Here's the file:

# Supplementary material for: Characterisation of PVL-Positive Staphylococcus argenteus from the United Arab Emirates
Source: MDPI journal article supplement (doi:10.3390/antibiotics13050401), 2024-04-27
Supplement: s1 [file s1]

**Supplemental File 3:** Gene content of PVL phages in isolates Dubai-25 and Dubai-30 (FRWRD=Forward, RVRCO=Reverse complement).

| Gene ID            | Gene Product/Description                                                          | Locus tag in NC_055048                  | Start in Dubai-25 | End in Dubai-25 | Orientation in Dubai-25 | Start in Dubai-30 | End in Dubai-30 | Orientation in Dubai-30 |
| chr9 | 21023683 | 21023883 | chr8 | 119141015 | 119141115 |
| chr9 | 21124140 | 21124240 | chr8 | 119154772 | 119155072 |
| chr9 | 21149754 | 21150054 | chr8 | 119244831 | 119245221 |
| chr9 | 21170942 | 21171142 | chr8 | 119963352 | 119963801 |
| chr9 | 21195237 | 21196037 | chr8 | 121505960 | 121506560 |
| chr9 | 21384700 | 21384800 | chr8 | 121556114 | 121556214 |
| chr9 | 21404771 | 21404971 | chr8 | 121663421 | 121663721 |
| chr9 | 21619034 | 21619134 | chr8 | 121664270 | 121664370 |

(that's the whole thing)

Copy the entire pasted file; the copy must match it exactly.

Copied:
# Supplementary material for: Characterisation of PVL-Positive Staphylococcus argenteus from the United Arab Emirates
Source: MDPI journal article supplement (doi:10.3390/antibiotics13050401), 2024-04-27
Supplement: s1 [file s1]

**Supplemental File 3:** Gene content of PVL phages in isolates Dubai-25 and Dubai-30 (FRWRD=Forward, RVRCO=Reverse complement).

| Gene ID            | Gene Product/Description                                                          | Locus tag in NC_055048                  | Start in Dubai-25 | End in Dubai-25 | Orientation in Dubai-25 | Start in Dubai-30 | End in Dubai-30 | Orientation in Dubai-30 |
| chr9 | 21023683 | 21023883 | chr8 | 119141015 | 119141115 |
| chr9 | 21124140 | 21124240 | chr8 | 119154772 | 119155072 |
| chr9 | 21149754 | 21150054 | chr8 | 119244831 | 119245221 |
| chr9 | 21170942 | 21171142 | chr8 | 119963352 | 119963801 |
| chr9 | 21195237 | 21196037 | chr8 | 121505960 | 121506560 |
| chr9 | 21384700 | 21384800 | chr8 | 121556114 | 121556214 |
| chr9 | 21404771 | 21404971 | chr8 | 121663421 | 121663721 |
| chr9 | 21619034 | 21619134 | chr8 | 121664270 | 121664370 |